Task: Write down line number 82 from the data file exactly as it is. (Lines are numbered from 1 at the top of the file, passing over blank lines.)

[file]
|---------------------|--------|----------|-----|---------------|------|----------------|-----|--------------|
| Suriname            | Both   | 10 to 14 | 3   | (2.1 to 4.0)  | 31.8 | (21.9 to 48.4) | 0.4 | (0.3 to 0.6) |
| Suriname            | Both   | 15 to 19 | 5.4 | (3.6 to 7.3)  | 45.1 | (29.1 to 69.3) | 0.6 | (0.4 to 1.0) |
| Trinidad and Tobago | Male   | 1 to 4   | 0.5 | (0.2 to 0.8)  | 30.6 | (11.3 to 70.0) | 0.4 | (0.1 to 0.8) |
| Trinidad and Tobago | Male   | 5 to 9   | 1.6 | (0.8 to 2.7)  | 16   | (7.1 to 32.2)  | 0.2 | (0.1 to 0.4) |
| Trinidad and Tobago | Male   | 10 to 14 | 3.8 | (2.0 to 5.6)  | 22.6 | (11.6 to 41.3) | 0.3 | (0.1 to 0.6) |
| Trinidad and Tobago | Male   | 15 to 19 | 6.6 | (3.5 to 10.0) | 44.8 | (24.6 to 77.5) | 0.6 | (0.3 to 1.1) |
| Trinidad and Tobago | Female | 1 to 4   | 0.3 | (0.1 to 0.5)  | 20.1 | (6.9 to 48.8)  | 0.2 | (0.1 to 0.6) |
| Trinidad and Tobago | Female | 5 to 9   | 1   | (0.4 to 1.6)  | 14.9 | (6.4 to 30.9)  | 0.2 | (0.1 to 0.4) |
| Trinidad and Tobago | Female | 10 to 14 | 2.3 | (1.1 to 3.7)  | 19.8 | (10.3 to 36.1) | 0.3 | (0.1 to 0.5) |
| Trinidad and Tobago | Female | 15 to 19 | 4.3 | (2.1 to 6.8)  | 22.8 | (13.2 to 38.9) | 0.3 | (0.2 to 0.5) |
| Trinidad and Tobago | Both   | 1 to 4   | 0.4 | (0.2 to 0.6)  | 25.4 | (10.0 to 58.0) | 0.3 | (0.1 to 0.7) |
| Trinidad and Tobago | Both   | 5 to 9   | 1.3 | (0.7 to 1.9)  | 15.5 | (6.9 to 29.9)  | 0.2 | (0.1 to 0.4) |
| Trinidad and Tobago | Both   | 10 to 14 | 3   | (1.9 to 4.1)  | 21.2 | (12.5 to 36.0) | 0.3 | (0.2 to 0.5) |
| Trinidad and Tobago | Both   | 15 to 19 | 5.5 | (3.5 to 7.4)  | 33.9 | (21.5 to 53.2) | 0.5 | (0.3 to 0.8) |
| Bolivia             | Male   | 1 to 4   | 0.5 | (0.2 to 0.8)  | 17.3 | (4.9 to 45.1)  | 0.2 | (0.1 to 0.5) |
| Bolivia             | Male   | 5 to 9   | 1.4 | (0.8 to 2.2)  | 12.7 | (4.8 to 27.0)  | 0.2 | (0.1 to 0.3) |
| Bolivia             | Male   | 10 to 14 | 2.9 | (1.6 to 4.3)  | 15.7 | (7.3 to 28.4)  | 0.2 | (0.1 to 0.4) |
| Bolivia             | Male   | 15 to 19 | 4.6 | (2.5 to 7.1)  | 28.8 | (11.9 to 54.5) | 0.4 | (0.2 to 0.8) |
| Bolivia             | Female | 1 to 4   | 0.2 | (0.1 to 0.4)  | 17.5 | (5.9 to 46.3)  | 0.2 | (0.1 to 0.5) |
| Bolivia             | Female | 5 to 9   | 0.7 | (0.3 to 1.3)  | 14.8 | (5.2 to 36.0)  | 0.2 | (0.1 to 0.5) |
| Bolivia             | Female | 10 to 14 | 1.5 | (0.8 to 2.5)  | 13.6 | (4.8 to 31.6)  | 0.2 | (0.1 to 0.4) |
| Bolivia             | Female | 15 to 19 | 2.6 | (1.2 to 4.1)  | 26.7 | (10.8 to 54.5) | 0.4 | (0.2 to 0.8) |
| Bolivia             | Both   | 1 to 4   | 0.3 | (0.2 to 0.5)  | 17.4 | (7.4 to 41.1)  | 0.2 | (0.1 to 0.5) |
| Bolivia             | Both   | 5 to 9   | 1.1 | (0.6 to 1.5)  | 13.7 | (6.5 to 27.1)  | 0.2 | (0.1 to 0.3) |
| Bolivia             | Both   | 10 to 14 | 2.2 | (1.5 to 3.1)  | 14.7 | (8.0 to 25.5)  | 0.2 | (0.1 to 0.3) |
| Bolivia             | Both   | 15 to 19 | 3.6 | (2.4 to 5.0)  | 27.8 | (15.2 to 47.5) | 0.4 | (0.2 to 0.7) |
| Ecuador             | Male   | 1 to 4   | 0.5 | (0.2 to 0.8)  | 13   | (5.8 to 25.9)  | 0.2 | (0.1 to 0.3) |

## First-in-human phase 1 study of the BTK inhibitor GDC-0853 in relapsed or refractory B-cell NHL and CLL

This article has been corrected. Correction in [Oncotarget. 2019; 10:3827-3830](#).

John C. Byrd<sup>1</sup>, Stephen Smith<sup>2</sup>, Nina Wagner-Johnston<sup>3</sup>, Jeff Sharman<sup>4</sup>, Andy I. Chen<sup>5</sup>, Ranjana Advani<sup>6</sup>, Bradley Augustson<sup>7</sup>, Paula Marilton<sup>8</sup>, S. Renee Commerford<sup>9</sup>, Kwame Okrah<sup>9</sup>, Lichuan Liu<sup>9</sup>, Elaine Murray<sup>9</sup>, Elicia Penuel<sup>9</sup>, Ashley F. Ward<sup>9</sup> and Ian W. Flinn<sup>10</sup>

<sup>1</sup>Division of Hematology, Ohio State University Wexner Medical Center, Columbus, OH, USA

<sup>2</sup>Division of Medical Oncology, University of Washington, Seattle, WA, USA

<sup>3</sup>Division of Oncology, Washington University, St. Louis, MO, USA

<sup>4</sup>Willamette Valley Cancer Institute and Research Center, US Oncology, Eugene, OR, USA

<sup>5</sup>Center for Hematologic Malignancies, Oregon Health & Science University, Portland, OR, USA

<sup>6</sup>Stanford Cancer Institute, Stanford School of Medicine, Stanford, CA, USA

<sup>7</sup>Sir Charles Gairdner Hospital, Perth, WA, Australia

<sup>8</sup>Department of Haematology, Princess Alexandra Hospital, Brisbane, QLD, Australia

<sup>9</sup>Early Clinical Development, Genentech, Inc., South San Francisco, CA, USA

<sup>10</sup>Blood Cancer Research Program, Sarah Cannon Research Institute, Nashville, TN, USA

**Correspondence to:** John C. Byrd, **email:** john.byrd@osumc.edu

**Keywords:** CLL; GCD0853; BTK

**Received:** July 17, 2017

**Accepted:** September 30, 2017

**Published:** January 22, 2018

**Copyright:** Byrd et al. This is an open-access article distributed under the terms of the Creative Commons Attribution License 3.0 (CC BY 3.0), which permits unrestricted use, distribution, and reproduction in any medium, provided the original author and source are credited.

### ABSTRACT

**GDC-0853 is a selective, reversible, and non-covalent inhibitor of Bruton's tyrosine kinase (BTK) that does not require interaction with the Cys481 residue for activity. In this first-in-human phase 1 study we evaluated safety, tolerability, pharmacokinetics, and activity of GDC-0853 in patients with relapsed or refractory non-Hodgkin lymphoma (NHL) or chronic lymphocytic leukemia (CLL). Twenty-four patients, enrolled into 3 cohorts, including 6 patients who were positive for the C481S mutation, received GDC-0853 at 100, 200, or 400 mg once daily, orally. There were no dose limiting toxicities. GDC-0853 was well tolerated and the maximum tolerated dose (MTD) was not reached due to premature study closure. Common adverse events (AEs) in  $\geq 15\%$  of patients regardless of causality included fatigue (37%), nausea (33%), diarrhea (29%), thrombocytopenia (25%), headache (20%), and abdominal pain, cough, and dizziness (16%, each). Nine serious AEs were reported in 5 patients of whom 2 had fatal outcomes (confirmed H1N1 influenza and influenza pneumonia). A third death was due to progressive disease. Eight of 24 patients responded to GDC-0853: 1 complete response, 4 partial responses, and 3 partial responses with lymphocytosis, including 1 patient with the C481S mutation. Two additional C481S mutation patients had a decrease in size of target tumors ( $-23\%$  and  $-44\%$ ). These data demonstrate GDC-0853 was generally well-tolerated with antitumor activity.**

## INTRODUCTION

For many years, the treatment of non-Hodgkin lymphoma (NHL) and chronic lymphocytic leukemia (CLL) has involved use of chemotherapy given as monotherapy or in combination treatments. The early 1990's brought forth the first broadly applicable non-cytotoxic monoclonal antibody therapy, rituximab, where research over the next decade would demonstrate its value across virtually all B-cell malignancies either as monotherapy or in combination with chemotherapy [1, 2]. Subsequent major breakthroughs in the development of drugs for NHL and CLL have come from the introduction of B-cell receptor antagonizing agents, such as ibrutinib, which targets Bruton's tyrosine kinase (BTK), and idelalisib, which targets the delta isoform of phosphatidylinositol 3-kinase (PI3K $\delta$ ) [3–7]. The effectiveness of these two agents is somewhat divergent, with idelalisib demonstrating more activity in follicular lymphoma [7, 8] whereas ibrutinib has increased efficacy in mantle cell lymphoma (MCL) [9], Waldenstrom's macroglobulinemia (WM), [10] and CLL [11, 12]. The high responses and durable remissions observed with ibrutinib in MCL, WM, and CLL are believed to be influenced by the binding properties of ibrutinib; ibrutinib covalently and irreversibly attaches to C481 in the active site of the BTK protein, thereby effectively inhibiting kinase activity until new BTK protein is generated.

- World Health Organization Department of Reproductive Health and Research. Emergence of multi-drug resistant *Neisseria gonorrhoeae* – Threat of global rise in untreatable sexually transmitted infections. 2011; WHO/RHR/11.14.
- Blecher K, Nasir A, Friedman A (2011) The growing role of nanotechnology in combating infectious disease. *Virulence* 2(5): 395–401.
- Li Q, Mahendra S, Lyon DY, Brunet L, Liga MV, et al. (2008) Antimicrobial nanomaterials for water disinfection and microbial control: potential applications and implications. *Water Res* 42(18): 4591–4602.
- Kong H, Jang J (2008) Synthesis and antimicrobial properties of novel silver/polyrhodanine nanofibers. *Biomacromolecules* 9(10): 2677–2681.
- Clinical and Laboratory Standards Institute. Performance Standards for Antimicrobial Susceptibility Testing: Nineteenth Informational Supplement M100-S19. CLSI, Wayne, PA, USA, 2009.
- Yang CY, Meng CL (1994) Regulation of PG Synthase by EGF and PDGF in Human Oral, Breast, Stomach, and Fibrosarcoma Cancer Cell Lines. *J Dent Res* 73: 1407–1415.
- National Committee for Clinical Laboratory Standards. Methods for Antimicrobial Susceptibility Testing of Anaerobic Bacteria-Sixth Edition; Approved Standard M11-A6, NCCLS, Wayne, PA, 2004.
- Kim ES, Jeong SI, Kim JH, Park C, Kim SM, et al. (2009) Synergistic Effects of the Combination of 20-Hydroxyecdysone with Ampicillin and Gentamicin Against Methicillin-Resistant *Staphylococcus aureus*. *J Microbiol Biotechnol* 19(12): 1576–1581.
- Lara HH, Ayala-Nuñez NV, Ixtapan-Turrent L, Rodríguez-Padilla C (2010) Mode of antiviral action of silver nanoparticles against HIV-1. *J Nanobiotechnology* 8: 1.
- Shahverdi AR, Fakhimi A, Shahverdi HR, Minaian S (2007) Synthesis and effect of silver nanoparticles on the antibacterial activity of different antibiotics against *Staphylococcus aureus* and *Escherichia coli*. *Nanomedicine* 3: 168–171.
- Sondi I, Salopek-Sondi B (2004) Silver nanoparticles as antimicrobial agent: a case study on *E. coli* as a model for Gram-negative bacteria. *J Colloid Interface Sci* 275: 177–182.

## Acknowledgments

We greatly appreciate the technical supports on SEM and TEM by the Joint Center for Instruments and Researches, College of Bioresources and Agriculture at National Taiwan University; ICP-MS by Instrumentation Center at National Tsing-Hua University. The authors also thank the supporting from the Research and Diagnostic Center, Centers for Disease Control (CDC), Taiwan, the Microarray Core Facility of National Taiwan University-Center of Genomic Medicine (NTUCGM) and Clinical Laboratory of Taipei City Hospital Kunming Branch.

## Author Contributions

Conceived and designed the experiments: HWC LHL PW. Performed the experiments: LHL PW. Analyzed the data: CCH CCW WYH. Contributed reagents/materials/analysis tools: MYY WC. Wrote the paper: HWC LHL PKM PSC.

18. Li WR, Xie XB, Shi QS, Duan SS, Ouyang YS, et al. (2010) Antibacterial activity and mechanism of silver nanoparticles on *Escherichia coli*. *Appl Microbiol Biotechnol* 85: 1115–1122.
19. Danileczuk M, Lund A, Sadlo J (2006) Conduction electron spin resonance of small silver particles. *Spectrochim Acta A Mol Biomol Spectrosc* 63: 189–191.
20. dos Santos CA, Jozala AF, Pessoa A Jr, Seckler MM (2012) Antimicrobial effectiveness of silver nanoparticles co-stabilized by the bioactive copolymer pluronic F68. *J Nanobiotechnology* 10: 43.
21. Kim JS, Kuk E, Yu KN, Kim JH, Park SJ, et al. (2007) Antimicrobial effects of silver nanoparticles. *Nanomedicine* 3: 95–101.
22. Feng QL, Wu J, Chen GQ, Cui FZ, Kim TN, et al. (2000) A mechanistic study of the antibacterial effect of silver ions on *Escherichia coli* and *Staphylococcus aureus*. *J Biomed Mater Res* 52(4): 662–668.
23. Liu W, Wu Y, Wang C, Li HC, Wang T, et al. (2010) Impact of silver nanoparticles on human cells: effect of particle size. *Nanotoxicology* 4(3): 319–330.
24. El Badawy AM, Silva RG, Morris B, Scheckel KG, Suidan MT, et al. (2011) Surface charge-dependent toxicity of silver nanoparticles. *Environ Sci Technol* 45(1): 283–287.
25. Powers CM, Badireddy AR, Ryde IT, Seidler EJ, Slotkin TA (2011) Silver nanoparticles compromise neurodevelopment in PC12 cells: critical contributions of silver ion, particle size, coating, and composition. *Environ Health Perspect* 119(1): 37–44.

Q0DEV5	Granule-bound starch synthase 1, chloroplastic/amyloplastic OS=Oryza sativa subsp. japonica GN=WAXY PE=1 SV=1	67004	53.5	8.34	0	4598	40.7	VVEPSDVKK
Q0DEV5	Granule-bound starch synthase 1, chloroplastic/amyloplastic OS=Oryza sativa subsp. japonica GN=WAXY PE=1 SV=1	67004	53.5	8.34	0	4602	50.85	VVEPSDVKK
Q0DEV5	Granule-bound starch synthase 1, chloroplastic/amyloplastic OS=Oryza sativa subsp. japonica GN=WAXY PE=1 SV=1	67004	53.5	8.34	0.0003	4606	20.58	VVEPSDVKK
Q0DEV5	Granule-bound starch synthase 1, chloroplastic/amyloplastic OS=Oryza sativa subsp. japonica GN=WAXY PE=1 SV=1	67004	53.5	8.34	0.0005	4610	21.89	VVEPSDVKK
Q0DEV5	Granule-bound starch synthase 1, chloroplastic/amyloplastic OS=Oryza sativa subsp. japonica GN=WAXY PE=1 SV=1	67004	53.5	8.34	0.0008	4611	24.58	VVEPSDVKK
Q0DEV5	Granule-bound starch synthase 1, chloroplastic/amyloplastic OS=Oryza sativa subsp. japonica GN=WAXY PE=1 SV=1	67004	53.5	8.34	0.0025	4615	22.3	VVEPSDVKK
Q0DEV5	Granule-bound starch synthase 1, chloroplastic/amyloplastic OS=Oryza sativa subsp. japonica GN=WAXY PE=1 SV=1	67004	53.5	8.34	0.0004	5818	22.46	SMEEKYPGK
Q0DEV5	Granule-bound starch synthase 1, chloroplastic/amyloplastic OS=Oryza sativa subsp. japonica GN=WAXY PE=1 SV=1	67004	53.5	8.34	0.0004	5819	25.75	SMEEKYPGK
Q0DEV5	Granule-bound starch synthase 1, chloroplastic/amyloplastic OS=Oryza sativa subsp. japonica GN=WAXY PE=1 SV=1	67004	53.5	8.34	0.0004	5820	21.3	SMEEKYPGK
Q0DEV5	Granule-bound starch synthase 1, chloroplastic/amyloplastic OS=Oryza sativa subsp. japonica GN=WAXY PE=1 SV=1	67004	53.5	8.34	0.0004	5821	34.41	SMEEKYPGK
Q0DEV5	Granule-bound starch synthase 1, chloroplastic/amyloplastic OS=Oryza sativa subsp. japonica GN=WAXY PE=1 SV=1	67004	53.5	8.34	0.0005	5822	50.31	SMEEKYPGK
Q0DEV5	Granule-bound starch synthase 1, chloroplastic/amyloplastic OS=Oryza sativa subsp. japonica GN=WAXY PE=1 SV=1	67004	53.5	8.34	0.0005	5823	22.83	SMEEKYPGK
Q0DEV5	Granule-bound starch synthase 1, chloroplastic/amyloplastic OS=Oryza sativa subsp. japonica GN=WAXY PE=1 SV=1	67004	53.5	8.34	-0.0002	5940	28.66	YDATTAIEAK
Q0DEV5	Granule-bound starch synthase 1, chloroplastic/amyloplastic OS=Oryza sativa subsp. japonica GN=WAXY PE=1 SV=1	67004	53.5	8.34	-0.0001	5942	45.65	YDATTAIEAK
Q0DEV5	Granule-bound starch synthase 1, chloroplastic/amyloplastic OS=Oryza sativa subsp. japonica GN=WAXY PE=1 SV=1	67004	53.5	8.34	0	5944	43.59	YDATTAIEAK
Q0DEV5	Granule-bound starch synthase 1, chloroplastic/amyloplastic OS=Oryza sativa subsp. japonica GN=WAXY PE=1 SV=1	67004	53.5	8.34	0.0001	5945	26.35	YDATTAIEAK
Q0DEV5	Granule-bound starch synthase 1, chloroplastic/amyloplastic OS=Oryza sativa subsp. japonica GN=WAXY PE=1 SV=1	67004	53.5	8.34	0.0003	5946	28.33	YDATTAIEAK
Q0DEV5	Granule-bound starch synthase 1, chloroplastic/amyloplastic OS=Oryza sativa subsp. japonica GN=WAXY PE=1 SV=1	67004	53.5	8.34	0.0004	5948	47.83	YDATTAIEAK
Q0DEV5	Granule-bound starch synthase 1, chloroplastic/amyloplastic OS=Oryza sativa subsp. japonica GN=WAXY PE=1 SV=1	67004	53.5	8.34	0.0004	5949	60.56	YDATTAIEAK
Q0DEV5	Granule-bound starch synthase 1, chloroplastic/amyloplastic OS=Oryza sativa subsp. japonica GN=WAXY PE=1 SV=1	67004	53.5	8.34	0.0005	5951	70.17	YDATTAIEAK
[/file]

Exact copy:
Q0DEV5	Granule-bound starch synthase 1, chloroplastic/amyloplastic OS=Oryza sativa subsp. japonica GN=WAXY PE=1 SV=1	67004	53.5	8.34	0.0004	5819	25.75	SMEEKYPGK